By Rabiah Rahman
The world is at war. The war I speak of is not amongst nations; it is not amongst human beings. We are at war with a disease. For over 25 years leaders in science, technology and medicine have been working together to combat the international pandemic known as the Acquired Immune Deficiency Syndrome, also known as AIDS. While there have been significant advancements in prolonging the mutation of the Human Immunodeficiency Virus (HIV) into the AIDS virus, there remains no cure. AIDS is not a prejudiced disease. It can be contracted by members of any race, ethnicity, age, socio-economic level, nationality, gender or religion. Being diagnosed with AIDS is no different than being walked down the green mile, essentially a death sentence. For many years it was believed that the Middle East and North Africa had dodged the AIDS bullet, accounting for less than two percent of the world”s HIV/ AIDS case load. However, this number has been called into question by AIDS specialists. Many countries in the Middle East and North Africa do not conduct systematic surveys of groups at high risk of infection. As a consequence, the Joint United Nations Programme on HIV/ AIDS (UNAIDS) estimate of the total number of HIV/AIDS cases in the region lies within a very broad range of possible cases, from 200,000 to 1.4 million people. Inevitably, approximately only 5 percent of Middle Easterners and North Africans who need anti-retroviral treatment receive it. In the Middle East and North Africa, the assumption of low rates of infection has led governments to dismiss the disease as an insignificant problem or exhibit complacency in taking action. Many governments faced with pressing crises of housing, employment and education see HIV/AIDS prevention and treatment as low priorities. Other governments believe that social and cultural conservatism will somehow avert an HIV/AIDS epidemic in the region. The Islamic community has long seen HIV/AIDS as a non-issue because of its inconsistency with Islamic traditions. However, Muslims are gradually relizing that HIV/AIDS is a major concern in the Islamic community, as well as in Islamic countries. Sexual practices that may not be allowed by our religion do exist. Prostitution, premarital sex and extramarital affairs, while being against Islamically acceptable behavior, occur within the Islamic community. Continuing to disregard these issues only enhances the spread of this devastating disease and perpetuates its stigma and misconceptions. Fearful of association with the stigma of the disease and social repercussions of a positive diagnosis, many Muslims refuse to be tested. Because of the controversial nature of the subject, admittedly, the cause and spread of HIV/AIDS is a difficult subject to address; however, it is one that can no longer go ignored by the Islamic community. So what exactly is AIDS? It is a set of symptoms and infections resulting from the damage to the human immune system caused by HIV. This condition progressively reduces the effectiveness of the immune system and leaves individuals susceptible to opportunistic infections and tumors.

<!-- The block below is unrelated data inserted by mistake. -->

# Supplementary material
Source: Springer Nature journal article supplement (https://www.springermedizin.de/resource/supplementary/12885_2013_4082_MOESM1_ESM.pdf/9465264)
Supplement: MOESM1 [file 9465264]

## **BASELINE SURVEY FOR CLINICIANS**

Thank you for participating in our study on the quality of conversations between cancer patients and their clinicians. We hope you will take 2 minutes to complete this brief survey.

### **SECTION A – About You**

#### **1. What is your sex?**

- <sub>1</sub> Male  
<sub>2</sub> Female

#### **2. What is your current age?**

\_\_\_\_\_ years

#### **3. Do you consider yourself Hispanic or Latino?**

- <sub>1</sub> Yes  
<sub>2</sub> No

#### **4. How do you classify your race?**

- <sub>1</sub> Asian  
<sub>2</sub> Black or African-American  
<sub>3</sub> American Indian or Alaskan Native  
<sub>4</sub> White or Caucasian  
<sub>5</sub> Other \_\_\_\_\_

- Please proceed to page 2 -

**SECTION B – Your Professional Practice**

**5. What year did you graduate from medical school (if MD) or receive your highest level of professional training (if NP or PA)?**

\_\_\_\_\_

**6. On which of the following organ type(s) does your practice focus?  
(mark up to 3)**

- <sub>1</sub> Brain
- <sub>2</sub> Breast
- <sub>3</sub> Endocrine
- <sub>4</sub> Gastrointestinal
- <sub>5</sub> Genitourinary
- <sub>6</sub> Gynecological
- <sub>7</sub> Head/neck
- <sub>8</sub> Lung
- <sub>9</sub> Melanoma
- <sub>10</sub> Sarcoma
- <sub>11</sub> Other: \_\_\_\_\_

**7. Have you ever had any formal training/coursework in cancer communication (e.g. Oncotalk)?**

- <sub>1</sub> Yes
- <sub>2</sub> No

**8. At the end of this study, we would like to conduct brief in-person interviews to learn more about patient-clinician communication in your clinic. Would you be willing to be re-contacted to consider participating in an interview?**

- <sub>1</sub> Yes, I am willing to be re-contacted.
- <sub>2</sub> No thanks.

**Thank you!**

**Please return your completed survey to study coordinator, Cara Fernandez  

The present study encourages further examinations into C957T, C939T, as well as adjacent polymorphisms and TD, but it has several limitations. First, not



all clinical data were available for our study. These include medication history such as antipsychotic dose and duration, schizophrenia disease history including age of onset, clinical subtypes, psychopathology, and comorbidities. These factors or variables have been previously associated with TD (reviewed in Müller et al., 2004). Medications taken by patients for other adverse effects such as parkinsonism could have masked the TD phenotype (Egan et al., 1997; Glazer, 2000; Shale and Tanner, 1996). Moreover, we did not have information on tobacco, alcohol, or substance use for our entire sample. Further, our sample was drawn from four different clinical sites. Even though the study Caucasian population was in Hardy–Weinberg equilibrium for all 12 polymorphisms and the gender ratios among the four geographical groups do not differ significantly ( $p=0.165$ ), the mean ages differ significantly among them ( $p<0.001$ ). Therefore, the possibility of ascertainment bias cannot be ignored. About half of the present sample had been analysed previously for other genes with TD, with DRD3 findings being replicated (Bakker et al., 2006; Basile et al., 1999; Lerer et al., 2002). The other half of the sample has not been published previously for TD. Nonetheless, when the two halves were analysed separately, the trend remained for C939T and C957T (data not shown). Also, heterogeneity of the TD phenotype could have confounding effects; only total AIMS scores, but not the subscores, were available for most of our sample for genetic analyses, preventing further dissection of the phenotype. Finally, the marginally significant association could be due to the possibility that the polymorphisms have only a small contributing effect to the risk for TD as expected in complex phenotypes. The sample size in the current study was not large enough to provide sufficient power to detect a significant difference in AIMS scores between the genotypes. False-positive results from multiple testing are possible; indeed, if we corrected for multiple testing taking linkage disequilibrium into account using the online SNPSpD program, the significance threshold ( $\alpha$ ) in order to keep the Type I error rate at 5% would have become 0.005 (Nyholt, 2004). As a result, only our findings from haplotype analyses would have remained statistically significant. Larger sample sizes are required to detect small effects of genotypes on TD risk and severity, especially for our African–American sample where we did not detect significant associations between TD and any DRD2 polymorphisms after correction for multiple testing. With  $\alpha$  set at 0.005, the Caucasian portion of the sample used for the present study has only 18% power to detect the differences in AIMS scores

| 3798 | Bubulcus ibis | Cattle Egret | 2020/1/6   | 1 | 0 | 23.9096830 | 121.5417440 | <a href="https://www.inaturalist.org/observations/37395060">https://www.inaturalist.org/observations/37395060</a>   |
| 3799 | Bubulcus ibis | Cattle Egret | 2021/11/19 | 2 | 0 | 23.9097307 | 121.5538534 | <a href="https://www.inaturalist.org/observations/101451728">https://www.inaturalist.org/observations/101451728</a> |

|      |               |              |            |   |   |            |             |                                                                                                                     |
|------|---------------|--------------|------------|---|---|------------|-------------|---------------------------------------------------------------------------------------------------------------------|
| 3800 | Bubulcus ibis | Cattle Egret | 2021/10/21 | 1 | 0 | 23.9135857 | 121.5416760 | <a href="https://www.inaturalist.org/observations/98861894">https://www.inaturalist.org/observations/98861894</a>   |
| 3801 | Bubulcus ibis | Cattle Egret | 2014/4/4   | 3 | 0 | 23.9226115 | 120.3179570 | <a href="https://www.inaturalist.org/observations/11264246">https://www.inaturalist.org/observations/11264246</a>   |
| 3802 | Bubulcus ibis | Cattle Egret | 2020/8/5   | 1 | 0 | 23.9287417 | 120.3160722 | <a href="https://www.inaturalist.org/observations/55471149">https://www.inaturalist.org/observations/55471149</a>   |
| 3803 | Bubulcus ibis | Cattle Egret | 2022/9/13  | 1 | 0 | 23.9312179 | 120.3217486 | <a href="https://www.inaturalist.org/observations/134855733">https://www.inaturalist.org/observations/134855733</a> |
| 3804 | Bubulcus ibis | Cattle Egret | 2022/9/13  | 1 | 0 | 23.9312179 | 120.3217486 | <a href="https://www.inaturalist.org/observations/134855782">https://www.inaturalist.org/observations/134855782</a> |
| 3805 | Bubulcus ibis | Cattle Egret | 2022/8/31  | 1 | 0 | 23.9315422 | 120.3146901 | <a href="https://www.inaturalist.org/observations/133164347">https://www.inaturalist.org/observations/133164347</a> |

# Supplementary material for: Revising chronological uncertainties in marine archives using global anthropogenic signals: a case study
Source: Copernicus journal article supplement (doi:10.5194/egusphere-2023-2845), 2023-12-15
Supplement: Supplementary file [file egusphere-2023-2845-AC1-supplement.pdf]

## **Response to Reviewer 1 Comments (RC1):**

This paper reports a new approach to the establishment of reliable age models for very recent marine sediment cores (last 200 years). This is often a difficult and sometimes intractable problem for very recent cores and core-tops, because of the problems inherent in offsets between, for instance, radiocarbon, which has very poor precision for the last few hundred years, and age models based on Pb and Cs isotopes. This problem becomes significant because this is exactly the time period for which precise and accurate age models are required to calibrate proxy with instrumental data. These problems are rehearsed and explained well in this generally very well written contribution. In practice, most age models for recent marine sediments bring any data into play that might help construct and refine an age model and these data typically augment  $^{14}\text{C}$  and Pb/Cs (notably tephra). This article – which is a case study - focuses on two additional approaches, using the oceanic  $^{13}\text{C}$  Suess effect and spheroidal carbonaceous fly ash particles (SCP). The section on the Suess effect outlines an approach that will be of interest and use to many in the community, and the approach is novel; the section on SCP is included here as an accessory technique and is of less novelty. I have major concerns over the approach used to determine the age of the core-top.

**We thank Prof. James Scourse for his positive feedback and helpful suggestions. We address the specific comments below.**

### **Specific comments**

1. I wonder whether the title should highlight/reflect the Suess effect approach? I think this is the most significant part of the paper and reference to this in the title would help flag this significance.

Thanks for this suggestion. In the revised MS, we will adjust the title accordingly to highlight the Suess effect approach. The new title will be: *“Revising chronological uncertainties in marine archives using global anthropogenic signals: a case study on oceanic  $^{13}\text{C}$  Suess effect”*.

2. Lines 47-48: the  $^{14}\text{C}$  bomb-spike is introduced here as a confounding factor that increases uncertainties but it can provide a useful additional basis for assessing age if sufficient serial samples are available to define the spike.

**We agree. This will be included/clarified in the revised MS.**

An opportunistic infection? can be something as simple as contracting the common cold, or other minor infections that would normally be fought off by a healthy immune system. HIV is transmitted through direct contact of a mucous membrane or the bloodstream with a bodily fluid containing HIV, such as blood, semen, vaginal fluid, preseminal fluid, and breast milk. The symptoms of AIDS are primarily the result of conditions that do not normally develop in individuals with healthy immune systems. Most of these conditions are infections caused by bacteria, viruses, fungi and parasites that are normally controlled by the elements of the immune system that HIV damages. The only way to know whether you are infected is to be tested for HIV. You cannot rely on symptoms alone because many people who are infected with HIV do not have symptoms for many years. Someone can look and feel healthy, but can still be infected with the disease and transmit it without knowing it. Today, over 33 million people are living with HIV/AIDS across the globe. The region that has been plagued by this vicious disease to the largest extent has been Sub-Saharan Africa. UNAIDS has estimated that 22.5 million people were living with HIV in Sub-Saharan Africa at the end of 2007. In just the past year, the AIDS pandemic in Africa has claimed the lives of an estimated 1.6 million people, leaving more than eleven million children orphaned by AIDS alone. The phenomenon of child-headed households has become another casualty of the war on AIDS. As parents are dying from AIDS, children are being forced to mature into adulthood at much younger ages. They become responsible for taking care of younger siblings, and have no choice but to enter the work force, sometimes at ages younger than 10 years old. This reality only perpetuates the cycle of young girls being recruited into the realm of illegal sex trade in order to provide basic necessities for their families. The United Stated Centers for Disease Control and Prevention has also risen an alarm for AIDS in our homeland with over a million Americans afflicted with the virus. The difference for Americans, however, is our ability to provide programs to help individuals diagnosed with the disease afford medication to prolong the mutation of HIV into AIDS. Education and prevention has been the main strategic tactic in combating this deadly virus. There is an extreme need to accept and develop HIV/AIDS educational programs geared toward Islamic communities. While these programs should emphasize Islamic moral values, they should also inform people about methods of protection from this life threatening illness. Many Muslims tend to believe that condom and sexual education will lead to sexual promiscuity. However, it is important to understand that the spread of the disease, throughout the Muslim world, has primarily been through heterosexual relationships; many women, who have contracted HIV, have been infected by their husbands who have engaged in extramaterial affairs and/or other Islamically immoral behavior. This phenomenon has changed the dynamics of the devastating effects of HIV/AIDS with whole families being wiped out and generations being erased. It is extremely important that Muslims accept vulnerability to HIV. Through multi-million dollar campaigns, international organizations have waged a deadly assault on the spreading of the HIV/AIDS, and the Islamic community has also joined the ranks. In November of 2007, Islamic Relief held international Islam and HIV/AIDS consultations in Johannesburg, South Africa for a deeper look and discussion on Islam and HIV/AIDS, which built on previous Islamic gatherings on the same topic. One of the aims of the conference was to discuss religiously acceptable approaches to dealing with the HIV pandemic. The conference was attended by over 200 people from more that 50 countries. In attendance were people living with HIV, Islamic scholars and academics from a variety of countries and backgrounds, practitioners fighting the spread and impact of HIV and AIDS, medical doctors and representatives from donor agencies. Consultation discussions included talks on the stigma and discrimination; rights and obligations; gender dimensions; awareness and prevention; protection, treatment, care and support; and particularly vulnerable groups. Through discussions and consultations, the Islam and HIV/AIDS conference yielded optimism for the future of the Islamic community”s place amongst the ranks of the war on HIV/AIDS. The result was a comprehensive work plan to address the issue of HIV/AIDS in the Islamic community. They seek to establish an HIV fund to help increase HIV related projects in Muslim communities, as well as increasing lobbying, advocacy and training in order to enhance the priority level of HIV/AIDS in Muslim countries. The conference was a positive step forward for the Islamic community; through awareness about the HIV/AIDS issue and how it affects the Islamic community, we can begin to address prevention mechanisms within the Islamic community. If we continue to be ignorant about the spread and cause of HIV/AIDS with our communities then we may find ourselves or someone we care about to be its next victim. While the war wages on, innocent lives are lost to a vicious enemy that takes no prisoners. The battle against HIV/AIDS must be a joint effort amongst all of the world”s nations and people. The strategy must be long term, because this crisis has no quick fix.? As Dr. Peter Piot, UNAIDS Executive Director, stated, When 8,000 people die from AIDS every single day, when 11,000 people are infected every day, the world would not understand, and should not forgive, if we fail the people without a voice who count on us.?